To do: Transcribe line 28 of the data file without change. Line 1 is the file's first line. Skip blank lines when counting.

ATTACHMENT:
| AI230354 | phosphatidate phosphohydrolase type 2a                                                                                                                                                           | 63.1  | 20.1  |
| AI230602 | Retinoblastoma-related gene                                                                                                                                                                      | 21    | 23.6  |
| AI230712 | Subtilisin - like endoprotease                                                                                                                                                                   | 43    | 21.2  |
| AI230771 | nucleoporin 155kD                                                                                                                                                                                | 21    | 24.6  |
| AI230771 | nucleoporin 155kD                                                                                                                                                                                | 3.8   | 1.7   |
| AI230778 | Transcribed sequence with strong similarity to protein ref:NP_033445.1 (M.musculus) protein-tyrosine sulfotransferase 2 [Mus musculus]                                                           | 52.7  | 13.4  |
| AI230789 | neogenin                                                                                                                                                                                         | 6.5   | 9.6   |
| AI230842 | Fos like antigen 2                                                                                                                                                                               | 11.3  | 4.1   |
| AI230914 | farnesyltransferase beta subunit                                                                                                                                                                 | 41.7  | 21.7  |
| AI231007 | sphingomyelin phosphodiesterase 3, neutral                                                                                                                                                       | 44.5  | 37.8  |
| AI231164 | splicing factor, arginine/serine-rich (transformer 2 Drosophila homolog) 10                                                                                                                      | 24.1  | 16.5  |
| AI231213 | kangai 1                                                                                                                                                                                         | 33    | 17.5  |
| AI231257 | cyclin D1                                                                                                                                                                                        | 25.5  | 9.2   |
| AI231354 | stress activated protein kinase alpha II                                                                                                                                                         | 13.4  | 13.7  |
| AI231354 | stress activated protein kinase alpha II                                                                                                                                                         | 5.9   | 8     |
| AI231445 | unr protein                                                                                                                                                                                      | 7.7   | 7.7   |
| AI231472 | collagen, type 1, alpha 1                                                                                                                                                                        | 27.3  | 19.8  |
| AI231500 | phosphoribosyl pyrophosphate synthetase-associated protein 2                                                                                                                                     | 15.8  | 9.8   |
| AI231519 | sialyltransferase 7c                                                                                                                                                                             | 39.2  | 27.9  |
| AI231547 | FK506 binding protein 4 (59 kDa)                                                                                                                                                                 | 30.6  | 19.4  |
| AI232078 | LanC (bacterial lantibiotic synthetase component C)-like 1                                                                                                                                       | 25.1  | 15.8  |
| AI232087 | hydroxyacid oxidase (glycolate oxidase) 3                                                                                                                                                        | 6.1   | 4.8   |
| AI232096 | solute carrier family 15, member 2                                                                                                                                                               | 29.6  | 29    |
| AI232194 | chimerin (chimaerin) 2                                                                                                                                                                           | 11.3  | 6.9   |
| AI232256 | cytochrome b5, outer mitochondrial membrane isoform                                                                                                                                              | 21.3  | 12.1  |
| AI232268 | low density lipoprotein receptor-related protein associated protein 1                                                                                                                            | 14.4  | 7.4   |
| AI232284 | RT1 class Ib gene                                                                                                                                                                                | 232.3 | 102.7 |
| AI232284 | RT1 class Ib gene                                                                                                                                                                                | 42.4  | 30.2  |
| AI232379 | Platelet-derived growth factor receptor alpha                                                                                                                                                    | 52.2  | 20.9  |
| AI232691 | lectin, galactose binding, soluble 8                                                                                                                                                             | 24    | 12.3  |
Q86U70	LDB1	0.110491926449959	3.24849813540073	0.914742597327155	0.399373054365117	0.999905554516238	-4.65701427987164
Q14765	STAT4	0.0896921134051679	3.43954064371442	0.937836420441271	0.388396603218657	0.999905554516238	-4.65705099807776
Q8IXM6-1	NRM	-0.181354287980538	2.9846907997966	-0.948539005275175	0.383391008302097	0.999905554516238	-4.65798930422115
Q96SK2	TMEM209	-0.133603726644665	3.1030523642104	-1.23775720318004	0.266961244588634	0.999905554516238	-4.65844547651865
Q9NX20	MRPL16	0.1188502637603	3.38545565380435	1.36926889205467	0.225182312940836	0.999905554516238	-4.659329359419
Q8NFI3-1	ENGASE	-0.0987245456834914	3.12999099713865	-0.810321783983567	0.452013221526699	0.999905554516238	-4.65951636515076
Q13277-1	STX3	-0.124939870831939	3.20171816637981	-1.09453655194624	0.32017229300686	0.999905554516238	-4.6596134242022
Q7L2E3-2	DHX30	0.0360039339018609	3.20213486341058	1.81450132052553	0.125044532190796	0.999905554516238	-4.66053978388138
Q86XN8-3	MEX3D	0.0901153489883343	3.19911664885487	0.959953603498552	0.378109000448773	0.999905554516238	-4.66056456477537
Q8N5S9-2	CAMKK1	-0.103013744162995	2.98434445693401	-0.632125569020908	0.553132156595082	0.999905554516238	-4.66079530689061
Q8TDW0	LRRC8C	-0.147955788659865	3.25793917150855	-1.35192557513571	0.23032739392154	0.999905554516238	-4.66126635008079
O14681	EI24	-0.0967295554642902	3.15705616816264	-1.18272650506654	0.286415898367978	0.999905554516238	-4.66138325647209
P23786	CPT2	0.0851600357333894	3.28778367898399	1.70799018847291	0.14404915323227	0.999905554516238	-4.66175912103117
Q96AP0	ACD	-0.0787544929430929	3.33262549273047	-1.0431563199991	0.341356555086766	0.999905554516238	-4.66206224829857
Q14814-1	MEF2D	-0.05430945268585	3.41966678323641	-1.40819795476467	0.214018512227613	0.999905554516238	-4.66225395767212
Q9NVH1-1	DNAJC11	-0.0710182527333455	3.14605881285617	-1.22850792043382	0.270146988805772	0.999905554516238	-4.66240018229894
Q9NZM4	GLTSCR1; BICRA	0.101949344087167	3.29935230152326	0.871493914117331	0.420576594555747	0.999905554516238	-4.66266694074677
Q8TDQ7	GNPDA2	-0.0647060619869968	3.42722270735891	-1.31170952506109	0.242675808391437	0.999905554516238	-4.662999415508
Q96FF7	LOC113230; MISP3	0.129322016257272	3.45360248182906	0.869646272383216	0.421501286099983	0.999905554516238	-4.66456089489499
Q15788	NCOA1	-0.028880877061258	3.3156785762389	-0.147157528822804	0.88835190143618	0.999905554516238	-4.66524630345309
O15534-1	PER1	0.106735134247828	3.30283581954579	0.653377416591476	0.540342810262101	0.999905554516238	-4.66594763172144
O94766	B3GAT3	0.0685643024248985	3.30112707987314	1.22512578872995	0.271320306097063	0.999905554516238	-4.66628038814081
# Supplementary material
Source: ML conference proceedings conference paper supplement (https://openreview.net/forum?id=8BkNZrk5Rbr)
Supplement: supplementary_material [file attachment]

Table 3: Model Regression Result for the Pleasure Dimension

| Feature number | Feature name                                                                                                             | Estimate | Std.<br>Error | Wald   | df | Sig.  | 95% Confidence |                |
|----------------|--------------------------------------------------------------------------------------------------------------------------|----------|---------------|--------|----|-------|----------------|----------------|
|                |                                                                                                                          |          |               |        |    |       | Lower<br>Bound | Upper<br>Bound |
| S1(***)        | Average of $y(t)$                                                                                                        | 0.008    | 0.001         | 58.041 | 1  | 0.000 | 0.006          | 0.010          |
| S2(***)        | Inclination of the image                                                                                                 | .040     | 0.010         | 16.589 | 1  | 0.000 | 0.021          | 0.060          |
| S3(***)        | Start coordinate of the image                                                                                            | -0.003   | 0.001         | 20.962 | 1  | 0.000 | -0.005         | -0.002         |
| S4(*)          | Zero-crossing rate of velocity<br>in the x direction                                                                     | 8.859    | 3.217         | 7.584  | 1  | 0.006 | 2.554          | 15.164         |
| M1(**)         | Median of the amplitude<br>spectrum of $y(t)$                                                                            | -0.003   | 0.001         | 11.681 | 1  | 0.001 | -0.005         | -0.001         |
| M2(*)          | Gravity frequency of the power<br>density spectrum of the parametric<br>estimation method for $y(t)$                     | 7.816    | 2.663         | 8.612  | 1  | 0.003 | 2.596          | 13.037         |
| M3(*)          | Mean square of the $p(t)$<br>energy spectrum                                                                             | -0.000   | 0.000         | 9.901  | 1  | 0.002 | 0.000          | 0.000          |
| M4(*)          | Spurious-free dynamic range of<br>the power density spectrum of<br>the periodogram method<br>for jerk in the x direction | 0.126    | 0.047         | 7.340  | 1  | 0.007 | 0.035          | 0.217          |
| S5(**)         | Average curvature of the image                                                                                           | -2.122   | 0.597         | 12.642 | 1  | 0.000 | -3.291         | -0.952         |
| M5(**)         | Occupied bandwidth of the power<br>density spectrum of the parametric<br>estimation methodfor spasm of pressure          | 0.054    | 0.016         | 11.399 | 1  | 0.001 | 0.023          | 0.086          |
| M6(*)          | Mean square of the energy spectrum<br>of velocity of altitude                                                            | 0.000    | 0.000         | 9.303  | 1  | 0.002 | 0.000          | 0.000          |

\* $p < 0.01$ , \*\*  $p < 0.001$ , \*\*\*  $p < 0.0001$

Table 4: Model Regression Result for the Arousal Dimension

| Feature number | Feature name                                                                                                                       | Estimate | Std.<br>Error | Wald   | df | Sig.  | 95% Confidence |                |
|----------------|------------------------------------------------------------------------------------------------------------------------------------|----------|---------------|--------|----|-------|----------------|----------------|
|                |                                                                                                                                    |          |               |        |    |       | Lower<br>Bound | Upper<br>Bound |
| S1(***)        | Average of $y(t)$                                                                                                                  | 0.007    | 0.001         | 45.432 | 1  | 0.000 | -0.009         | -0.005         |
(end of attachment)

| AI232284 | RT1 class Ib gene                                                                                                                                                                                | 42.4  | 30.2  |